Humus, often overshadowed by more prominent elements in fertile soil, is a fundamental component that holds the key to soil health and plant vitality. Its complex composition, comprising lignins, fats, sugars, and the three humic substances (humin, humic acids, and fulvic acids), makes it a powerful ally in agriculture and gardening.
Scientific research unequivocally supports the benefits of humic acids in enhancing soil structure, increasing Cation Exchange Capacity (CEC), and promoting the growth of stronger, healthier plants.
So Where do Humates Come into This Equation?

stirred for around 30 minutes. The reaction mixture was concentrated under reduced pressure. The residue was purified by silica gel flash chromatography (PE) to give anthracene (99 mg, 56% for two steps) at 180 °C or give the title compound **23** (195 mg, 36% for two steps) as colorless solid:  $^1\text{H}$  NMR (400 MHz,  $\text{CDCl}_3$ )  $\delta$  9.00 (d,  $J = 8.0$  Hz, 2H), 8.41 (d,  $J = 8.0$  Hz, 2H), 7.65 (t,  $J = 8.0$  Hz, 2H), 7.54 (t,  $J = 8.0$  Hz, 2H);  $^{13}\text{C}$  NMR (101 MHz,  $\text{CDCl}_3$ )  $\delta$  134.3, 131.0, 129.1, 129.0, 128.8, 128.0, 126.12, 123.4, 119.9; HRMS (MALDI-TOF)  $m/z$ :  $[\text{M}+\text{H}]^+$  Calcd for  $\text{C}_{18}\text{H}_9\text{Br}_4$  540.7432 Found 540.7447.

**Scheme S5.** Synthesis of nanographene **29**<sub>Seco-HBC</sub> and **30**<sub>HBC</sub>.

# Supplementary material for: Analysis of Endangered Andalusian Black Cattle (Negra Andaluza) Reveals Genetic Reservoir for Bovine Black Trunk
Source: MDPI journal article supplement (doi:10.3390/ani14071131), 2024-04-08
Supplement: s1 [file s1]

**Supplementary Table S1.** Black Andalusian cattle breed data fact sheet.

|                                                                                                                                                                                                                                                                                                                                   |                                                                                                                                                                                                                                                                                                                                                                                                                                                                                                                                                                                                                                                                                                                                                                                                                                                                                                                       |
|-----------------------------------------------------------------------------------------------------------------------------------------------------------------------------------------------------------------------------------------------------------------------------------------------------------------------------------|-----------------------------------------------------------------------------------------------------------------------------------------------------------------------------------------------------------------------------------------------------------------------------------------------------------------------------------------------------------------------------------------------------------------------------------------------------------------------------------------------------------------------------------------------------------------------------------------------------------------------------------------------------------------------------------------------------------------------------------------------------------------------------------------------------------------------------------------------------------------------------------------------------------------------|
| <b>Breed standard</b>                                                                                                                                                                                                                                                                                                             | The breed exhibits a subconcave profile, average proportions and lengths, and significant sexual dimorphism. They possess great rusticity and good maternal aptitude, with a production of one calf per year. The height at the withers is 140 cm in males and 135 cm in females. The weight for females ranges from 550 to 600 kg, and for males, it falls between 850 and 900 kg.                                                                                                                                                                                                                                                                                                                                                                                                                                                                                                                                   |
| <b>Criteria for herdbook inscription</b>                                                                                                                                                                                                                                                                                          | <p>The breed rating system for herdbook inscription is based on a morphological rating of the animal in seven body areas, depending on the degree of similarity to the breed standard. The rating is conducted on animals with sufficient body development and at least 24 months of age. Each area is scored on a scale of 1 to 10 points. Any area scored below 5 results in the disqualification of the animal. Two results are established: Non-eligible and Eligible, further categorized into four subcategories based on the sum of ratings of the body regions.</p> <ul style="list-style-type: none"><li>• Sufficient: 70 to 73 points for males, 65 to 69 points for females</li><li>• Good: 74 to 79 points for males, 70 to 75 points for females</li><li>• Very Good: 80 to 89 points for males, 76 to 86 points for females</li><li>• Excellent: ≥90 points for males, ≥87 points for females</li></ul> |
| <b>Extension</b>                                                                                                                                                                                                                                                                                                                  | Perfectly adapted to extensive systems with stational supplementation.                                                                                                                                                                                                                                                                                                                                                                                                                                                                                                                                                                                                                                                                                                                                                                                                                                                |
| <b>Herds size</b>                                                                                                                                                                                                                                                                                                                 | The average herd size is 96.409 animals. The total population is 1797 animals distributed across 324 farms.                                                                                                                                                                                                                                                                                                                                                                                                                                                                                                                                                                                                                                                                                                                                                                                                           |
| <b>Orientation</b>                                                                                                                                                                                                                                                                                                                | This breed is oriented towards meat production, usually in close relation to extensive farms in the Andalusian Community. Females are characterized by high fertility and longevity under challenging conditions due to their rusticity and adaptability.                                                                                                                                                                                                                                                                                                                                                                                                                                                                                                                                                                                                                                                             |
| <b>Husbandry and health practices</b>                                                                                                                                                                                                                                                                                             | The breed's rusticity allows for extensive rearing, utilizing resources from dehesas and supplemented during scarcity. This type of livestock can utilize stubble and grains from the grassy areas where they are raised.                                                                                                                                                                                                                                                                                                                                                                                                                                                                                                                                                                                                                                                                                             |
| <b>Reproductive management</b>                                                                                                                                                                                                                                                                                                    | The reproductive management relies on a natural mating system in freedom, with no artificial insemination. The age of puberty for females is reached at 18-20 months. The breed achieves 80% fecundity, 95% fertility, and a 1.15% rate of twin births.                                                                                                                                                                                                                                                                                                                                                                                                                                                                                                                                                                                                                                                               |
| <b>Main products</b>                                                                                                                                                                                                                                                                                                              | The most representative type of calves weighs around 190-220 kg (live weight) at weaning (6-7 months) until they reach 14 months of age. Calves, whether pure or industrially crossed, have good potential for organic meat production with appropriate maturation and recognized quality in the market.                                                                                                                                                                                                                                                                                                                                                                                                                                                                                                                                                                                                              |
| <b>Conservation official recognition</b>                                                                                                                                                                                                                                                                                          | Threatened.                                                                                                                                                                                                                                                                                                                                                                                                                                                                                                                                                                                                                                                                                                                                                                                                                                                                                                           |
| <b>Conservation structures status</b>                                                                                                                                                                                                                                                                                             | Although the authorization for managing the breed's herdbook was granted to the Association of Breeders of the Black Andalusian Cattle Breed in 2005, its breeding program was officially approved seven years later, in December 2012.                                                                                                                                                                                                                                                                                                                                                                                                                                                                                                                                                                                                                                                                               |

Humic acids are naturally a liquid. Humates, also called granular humic acids (Activate 80), are what you get when humic acids are rendered into a solid, through what is essentially a dehydration process. Humates contain the same compounds and thus have the same benefits as applying liquid humic acids such as Humax. Once applied to the soil and watered in, they will dissolve into their active liquid form again. The best way to add humic acids to your soil is with humates derived from leonardite shale. Leonardite is a rock formed from pressurized peat, which has a very high humic acid content–45 to 50%! Humax, which is also derived from leonardite, is a faster acting humic acid source, but has been diluted to 12% humic acids. It is best for foliar and fertigation applications.
Adding Humic Acid to the Garden-Forms
- Granular Humic Acids–Derived from Leonardite shale, contains 50% humic acids. Similar to Activate 80-Course, but in a smaller size.
- Acivate 80-Course Grade Humate–Derived from Leonardite shale, contains 45% humic acids.